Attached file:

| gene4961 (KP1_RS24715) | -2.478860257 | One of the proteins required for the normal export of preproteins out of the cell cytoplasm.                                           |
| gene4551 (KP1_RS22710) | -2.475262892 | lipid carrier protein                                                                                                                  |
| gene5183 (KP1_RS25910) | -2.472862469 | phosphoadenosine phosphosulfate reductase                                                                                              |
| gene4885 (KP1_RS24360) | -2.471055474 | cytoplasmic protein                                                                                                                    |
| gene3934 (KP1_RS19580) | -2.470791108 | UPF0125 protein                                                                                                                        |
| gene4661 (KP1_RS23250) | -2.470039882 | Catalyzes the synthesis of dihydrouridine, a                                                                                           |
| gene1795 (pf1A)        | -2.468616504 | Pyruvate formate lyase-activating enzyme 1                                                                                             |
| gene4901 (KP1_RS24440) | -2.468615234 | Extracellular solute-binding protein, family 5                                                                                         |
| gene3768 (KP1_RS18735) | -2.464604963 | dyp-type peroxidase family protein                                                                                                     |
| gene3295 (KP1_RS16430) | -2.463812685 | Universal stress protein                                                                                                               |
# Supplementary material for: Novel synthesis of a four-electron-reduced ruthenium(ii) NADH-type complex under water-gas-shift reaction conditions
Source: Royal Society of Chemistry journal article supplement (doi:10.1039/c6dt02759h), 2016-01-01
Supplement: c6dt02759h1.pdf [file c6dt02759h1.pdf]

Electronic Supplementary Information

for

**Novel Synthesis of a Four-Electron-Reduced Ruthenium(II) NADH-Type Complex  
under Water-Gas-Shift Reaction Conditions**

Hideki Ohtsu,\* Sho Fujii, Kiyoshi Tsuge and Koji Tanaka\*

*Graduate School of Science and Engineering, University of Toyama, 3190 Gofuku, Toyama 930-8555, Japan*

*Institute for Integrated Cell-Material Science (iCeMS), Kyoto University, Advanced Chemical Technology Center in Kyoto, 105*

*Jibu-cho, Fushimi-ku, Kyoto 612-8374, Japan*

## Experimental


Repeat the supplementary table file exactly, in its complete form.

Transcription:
| gene4961 (KP1_RS24715) | -2.478860257 | One of the proteins required for the normal export of preproteins out of the cell cytoplasm.                                           |
| gene4551 (KP1_RS22710) | -2.475262892 | lipid carrier protein                                                                                                                  |
| gene5183 (KP1_RS25910) | -2.472862469 | phosphoadenosine phosphosulfate reductase                                                                                              |
| gene4885 (KP1_RS24360) | -2.471055474 | cytoplasmic protein                                                                                                                    |
| gene3934 (KP1_RS19580) | -2.470791108 | UPF0125 protein                                                                                                                        |
| gene4661 (KP1_RS23250) | -2.470039882 | Catalyzes the synthesis of dihydrouridine, a                                                                                           |
| gene1795 (pf1A)        | -2.468616504 | Pyruvate formate lyase-activating enzyme 1                                                                                             |
| gene4901 (KP1_RS24440) | -2.468615234 | Extracellular solute-binding protein, family 5                                                                                         |
| gene3768 (KP1_RS18735) | -2.464604963 | dyp-type peroxidase family protein                                                                                                     |
| gene3295 (KP1_RS16430) | -2.463812685 | Universal stress protein                                                                                                               |
# Supplementary material for: Novel synthesis of a four-electron-reduced ruthenium(ii) NADH-type complex under water-gas-shift reaction conditions
Source: Royal Society of Chemistry journal article supplement (doi:10.1039/c6dt02759h), 2016-01-01
Supplement: c6dt02759h1.pdf [file c6dt02759h1.pdf]

Electronic Supplementary Information

for

**Novel Synthesis of a Four-Electron-Reduced Ruthenium(II) NADH-Type Complex  
under Water-Gas-Shift Reaction Conditions**

Hideki Ohtsu,\* Sho Fujii, Kiyoshi Tsuge and Koji Tanaka\*

*Graduate School of Science and Engineering, University of Toyama, 3190 Gofuku, Toyama 930-8555, Japan*

*Institute for Integrated Cell-Material Science (iCeMS), Kyoto University, Advanced Chemical Technology Center in Kyoto, 105*

*Jibu-cho, Fushimi-ku, Kyoto 612-8374, Japan*

## Experimental